What is going on here (in Manhattan)?

Apartment sales are booming on the Upper West Side. Click to expand.

The talk around the water cooler in many brokerages these days is that the market has gotten surprisingly hot.

Such talk and my impression from searches that I have been conducting for various clients prompted my post a few days ago about the speed with which three- and four-bedroom co-ops and condos on Manhattan’s Upper West Side are finding buyers.

Today, with an MBA at my side, I decided to conduct a more thorough analysis, using statistics from the broker database (OLR).  We analyzed the number of contracts signed and apartments sold on the Upper West Side between 59th and 125th streets from Riverside Drive to Central Park West at intervals over the past year.

Sure enough, there has been an unseasonal surge in contracts signed (green) and transactions closed (orange) recently. Continue reading

Mortgage rates stay low, but borrowers are scarce

The 30-year fixed-rate mortgage (FRM) averaged 4.98 percent this week, barely down from last week’s 4.99 percent, according to Freddie Mac.  Last year at this time, it was 5.10 percent.

Yet the Mortgage Bankers Association (MBA) said in its latest report that loan application volume fell to 10.9 percent on a seasonally adjusted basis for the week ending Jan. 22.  Unadjusted, the change was 10.1 percent.  Compared with the same week a year ago, there was 19.8 percent less activity.  Continue reading

Riverdale’s Solaria plays “I’ve Got a Secret”

Looks nice. But does the sales office want to make a deal?

If you’ve been wondering how those Bronx apartments that were left unsold after November’s auction are doing, you won’t find out here.

I looked up the Solaria in the broker database (OLR) the other day and found it unchanged since, I think, before the auction was held.  The same 10 or 12 units are listed, and many more went begging for buyers following the event. Continue reading

New Yorkers can ignore latest housing statistics

Case-Shiller Home Price Levels. Click to expand and see other graphics.

In fact, New Yorkers and residents of other dense urban centers always can pay little heed to the monthly report of housing data from Case-Shiller or any other single sources of information.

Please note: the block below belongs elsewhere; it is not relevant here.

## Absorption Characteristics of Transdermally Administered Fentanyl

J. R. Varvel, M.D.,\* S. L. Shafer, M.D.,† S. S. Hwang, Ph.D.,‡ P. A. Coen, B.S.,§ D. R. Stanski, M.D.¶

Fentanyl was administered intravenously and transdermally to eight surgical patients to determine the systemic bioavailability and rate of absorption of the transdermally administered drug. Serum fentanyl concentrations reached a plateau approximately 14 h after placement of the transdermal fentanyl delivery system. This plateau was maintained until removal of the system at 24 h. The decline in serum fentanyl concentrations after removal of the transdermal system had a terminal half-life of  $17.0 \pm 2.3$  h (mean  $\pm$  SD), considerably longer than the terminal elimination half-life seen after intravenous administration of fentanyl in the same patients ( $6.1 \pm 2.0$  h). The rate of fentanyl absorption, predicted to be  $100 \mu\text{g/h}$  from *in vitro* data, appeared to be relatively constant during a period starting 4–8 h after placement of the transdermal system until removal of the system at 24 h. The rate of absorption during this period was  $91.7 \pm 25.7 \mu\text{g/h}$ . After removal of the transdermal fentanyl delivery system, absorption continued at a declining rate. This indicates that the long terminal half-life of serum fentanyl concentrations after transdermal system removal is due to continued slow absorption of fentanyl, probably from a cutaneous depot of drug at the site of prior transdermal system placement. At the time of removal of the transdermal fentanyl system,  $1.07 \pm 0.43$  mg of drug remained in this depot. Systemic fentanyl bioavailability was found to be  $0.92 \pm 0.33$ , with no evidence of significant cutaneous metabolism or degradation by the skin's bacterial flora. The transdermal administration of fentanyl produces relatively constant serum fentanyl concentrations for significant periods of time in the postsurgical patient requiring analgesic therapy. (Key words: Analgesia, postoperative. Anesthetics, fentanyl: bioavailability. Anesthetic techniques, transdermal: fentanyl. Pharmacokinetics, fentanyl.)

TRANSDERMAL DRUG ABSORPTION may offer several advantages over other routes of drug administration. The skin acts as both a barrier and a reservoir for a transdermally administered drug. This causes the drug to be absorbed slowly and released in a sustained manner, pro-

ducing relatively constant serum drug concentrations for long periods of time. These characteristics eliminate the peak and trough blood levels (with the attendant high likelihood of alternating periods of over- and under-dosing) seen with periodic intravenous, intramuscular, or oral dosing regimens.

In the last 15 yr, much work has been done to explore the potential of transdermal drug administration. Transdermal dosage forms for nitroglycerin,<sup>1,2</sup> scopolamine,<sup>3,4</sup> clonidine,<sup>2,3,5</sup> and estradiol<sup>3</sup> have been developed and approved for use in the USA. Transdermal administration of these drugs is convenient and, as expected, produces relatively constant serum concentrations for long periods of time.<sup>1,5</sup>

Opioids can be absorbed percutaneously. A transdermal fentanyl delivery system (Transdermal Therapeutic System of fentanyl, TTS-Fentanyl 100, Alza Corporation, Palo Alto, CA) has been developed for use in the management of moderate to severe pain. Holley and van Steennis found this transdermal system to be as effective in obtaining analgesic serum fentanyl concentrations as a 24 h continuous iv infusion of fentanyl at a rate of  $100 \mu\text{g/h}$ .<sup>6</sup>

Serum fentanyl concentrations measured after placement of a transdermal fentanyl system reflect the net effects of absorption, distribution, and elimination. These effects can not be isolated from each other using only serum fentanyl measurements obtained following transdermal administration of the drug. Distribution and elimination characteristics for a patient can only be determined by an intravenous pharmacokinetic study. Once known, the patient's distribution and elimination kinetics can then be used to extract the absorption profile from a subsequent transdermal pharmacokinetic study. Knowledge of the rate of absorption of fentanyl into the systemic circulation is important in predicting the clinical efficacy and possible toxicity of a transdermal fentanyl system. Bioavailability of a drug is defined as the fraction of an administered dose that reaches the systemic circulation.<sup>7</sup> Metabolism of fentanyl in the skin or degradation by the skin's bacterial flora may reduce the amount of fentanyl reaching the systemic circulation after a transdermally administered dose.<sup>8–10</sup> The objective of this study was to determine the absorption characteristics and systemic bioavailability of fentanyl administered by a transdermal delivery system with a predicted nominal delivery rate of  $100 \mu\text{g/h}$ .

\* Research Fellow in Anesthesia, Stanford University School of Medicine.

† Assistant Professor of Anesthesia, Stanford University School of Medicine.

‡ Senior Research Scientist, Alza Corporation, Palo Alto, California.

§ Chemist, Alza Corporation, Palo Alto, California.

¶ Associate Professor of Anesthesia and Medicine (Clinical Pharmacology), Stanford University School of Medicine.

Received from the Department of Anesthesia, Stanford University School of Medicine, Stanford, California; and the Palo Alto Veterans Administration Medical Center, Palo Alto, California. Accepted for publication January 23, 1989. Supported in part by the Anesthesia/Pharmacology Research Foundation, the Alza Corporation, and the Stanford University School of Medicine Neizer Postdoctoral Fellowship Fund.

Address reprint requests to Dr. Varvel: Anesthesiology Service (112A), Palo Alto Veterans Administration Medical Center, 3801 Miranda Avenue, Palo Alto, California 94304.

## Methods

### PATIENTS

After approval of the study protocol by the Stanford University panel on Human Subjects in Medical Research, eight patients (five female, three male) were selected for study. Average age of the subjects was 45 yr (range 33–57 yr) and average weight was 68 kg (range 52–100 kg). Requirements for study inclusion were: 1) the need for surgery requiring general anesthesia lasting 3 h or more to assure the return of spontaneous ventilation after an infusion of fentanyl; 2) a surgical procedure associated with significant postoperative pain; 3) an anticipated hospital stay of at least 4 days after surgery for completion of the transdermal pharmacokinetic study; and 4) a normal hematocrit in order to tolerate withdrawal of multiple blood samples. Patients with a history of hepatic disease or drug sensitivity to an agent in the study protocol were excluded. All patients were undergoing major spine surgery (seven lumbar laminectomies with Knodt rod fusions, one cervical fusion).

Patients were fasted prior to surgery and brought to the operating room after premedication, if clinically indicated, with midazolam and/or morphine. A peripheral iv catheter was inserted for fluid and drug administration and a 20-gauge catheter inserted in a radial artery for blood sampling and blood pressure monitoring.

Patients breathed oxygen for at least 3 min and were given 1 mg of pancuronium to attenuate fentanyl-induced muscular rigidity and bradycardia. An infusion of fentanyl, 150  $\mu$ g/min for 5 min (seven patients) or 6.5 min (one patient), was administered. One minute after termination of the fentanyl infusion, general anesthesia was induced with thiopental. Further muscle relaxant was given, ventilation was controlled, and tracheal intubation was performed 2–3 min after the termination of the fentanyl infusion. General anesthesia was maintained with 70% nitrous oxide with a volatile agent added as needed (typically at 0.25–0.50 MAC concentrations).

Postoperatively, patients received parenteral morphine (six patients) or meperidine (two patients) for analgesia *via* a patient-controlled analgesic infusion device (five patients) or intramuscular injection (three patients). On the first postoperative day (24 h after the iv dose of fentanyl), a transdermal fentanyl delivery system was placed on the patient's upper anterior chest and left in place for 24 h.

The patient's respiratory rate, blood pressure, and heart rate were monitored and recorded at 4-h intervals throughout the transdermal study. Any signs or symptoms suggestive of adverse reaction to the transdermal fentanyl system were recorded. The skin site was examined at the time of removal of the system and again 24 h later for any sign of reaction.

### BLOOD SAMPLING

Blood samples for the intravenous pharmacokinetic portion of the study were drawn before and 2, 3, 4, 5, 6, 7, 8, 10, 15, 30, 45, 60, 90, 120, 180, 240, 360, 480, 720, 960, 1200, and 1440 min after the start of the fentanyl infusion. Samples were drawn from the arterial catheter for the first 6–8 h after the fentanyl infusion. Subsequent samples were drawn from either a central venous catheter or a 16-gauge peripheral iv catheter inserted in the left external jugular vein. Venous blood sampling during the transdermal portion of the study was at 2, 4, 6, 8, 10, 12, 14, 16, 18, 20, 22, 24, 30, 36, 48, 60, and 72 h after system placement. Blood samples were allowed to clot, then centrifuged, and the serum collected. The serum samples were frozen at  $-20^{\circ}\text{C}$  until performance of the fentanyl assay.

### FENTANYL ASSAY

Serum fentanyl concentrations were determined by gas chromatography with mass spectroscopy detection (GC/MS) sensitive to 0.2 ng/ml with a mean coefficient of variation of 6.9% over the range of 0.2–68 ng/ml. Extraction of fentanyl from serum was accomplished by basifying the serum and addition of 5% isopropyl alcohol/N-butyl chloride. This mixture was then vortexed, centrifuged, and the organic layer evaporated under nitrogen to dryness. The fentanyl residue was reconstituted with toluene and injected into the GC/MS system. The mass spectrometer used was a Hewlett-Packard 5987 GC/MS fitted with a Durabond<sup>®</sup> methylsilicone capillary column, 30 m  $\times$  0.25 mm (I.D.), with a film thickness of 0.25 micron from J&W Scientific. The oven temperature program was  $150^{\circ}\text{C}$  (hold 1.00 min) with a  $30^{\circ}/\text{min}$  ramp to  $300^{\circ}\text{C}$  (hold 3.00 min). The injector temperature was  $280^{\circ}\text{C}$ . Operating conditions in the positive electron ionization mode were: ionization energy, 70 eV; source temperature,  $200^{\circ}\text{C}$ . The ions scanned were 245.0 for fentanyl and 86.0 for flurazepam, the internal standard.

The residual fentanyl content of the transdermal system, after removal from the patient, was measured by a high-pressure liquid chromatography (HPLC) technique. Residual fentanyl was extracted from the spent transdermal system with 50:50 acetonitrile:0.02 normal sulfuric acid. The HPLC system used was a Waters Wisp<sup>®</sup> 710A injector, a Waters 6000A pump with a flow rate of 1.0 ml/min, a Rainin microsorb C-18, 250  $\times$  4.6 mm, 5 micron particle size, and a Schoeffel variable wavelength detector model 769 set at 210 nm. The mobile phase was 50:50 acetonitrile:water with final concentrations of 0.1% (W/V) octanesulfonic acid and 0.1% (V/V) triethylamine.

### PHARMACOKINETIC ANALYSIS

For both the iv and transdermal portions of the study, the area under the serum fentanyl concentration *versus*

Their one virtue is to examine a dated snapshot of the national housing market, excluding areas such as the Big Apple, where few single-home sales occur.  Case-Shiller leaves out apartment sales and its reports embrace whole Metropolitan Statistical Areas (MSAs). In addition, the sample of 10 or 20 cities is suspect in my layman’s eyes.

Manhattan by gemini spy on Flickr.

In the case of Manhattan, the MSA covers all the boroughs plus suburban New Jersey and Westchester County. And as everyone knows, the percentage of single-family home sales in the borough never reaches beyond the lowest digits.

I suppose investors and others who might be looking, unreasonably, at the national market for trends in the biggest cities can benefit from glancing at the numbers. But using those statistics for anything greater than a very rough gauge of what is or, worse, will be occurring in a given market is pure folly.

All that said, you may well be able to enliven your cocktail chatter by knowing Continue reading

A hard lesson is learned in one bidding ‘war’

The living room of the apartment that "Jane" and "Jill" lost.

Call them Jane and Jill, clients of mine who searched on their own for many months.  Owners of a weekend place in the Berkshires, they decided it was time to move from their Manhattan rental to an apartment on the Upper East Side.

Finally, the couple found a co-op they loved, even speaking at length with the listing broker to the extent that they tried out a verbal offer on her.  It was only afterward that they decided to bring me into the picture, and their timing was not advantageous.

After calling me, they e-mailed the broker – call her Joy – and let her know that I would be representing them. Of course, that meant that the broker would have to split her commission with me, rather than keeping the whole thing (minus her brokerage firm’s take).

The following Sunday I visited Joy’s open house, told her my name and received neither a welcoming smile or even acknowledgment that she knew why I was there.  In fact, as I left, I asked her if she understood who I was.  “Yes,” she replied icily.  And not another word.